The forest makes up 13% of Brazil's territory and is the third largest major vegetation formation in the country after Amazonia and the Cerrado (an area of woodland savannah in north-east Brazil). Many of the species found there are unique. Seventy-two of the 620 bird species are thought to be endemic; 60 of 2,000 reptiles, 253 of 280 amphibians and 160 of 261 mammals.
But the Atlantic Forest, shrinking due to deforestation, is now less than 10% of its original size and many of its species are becoming endangered.
There is great concern about the golden lion tamarin
Primates are particularly affected - they represent nine of the 10 critically endangered mammals found in the Atlantic Forest. There is also great concern about the golden lion tamarin, whose numbers in the wild are estimated at around 500.
Much of East Africa's biodiversity is concentrated in the Eastern Arc mountains and coastal forests of Tanzania and Kenya.
The Eastern Arc mountain chain is a series of heavily forested isolated peaks, where there are 1,500 plant species and 50 endemic reptiles.
Because of this density of species, the region is thought to be the hotspot in the world most likely to suffer the greatest plant and vertebrate extinction.
Agriculture and the encroachment of human development, along with logging, are the greatest threats to biodiversity in the region. Several species of colobus monkey are endangered along with three species of sunbird. Only about 2,000 sq km or 6.7% of the original hotspot remains unspoiled.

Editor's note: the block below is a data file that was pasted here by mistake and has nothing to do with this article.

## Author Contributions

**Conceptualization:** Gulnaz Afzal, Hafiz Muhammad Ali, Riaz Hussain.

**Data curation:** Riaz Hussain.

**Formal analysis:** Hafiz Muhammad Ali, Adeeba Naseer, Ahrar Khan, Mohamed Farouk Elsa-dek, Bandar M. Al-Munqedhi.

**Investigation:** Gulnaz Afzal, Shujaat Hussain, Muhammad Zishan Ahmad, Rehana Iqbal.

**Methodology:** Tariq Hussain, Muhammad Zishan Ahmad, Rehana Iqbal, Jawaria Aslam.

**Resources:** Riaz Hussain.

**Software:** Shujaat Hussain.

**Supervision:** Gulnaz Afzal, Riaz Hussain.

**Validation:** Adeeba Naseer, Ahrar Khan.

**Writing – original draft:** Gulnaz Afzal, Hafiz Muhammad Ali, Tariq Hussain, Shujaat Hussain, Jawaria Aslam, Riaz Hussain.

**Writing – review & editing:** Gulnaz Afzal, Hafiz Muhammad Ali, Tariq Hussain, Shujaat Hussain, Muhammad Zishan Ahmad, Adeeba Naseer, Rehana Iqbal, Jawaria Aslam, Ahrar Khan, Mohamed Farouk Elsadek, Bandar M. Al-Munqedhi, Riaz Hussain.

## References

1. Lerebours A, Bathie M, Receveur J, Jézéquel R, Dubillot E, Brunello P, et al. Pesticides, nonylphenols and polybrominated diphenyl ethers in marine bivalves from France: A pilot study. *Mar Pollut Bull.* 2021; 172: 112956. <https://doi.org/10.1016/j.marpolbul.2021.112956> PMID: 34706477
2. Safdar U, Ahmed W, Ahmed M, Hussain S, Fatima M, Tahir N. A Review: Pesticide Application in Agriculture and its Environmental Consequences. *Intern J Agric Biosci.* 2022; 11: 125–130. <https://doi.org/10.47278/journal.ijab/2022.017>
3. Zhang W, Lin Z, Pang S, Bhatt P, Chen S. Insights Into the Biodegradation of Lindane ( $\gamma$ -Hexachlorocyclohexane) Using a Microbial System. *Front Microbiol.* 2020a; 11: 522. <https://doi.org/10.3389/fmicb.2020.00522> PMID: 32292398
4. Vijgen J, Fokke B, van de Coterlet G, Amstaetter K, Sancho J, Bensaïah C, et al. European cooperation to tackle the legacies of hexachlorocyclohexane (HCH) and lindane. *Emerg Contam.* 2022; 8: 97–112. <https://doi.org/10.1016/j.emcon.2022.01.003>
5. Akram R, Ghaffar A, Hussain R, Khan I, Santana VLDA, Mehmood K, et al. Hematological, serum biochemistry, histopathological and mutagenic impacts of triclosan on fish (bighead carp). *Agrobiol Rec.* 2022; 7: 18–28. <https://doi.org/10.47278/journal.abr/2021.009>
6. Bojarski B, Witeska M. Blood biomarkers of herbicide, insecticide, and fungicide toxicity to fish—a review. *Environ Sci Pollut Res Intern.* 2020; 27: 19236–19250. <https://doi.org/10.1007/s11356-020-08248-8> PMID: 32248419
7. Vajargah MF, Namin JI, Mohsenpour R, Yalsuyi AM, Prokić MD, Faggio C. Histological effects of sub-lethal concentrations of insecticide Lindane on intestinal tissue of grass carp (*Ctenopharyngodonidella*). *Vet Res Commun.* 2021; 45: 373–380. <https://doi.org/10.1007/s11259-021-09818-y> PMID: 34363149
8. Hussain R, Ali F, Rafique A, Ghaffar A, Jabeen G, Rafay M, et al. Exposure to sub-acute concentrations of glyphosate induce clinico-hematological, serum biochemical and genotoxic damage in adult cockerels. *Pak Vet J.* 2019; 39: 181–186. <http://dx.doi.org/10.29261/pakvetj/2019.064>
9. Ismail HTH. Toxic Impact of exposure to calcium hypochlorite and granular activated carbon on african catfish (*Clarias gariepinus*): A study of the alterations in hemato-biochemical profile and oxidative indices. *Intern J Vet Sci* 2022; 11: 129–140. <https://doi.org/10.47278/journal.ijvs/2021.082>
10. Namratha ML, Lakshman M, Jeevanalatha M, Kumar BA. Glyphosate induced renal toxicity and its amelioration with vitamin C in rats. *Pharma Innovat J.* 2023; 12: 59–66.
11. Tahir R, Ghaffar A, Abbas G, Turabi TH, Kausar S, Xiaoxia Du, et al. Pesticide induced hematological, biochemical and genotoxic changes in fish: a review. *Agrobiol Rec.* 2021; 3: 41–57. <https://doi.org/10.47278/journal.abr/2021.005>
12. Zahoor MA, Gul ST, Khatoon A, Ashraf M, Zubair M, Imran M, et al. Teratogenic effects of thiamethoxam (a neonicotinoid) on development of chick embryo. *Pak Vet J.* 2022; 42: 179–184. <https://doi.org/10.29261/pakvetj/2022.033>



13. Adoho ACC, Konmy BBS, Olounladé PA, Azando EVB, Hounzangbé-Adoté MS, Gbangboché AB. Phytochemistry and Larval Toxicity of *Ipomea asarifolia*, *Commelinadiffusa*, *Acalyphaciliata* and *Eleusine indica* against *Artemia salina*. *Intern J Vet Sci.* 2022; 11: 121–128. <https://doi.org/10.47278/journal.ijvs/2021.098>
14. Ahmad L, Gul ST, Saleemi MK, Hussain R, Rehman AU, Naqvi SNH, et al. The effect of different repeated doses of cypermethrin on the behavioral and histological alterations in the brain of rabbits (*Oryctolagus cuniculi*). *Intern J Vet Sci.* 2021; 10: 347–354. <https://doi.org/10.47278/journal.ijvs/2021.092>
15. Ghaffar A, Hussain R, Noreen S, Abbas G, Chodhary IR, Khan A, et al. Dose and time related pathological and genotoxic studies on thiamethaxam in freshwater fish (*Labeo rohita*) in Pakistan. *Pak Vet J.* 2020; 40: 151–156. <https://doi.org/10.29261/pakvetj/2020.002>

Madagascar and the Indian Ocean islands pack a great deal of biodiversity into a relatively small area.
But deforestation is putting many species under great strain. Madagascar is thought to have more critically endangered and endangered primates than anywhere else in the world.
Deforestation is putting many species under strain in Madagascar
The island has lost about 90% of its original vegetation, placing many species in great danger.
Western Ghats, India
The Western Ghats are a mountain range that runs along the western coast of India. The mountains cover an area of about 160,000 sq km stretching from the country's southern tip to Gujarat in the north.
Of the 372 species of mammal found in India, 63 are in the Western Ghats. Sixteen of these are endemic.
Faced with enormous population pressure, the lush mountains are at risk of a biodiversity crisis. Important populations of Asian elephants, Indian tigers, and the endangered lion-tailed macaque are threatened as agriculture and logging intensify.
Indonesia has around 500 species of mammal, which is second only to Brazil.
It is also in the world's top five countries for plant diversity, with an estimated 38,000 higher plant species. But illegal or uncontrolled logging is sweeping across the country creating a possible extinction crisis.
Indonesia has around 500 species of mammals
Critically endangered animals include the Javan rhinoceros, the Sumatran orang-utan and the silvery gibbon, which is endemic to Indonesia.
Although Indonesia has been criticised for excessive logging, timber is a major source of revenue and supports millions of people.
The native forests of south-west Australia retain only 10% of their original 310,000 sq km of vegetation and yet they contain over 5,000 plant species and nearly 500 vertebrate species.
Despite early deforestation, the remaining forests are now well protected.
Amongst the unique creatures living in the area is the swamp turtle, which is thought to be the most threatened fresh water turtle in the world. The hotspot is also home to the honey-possum and the red-capped parrot.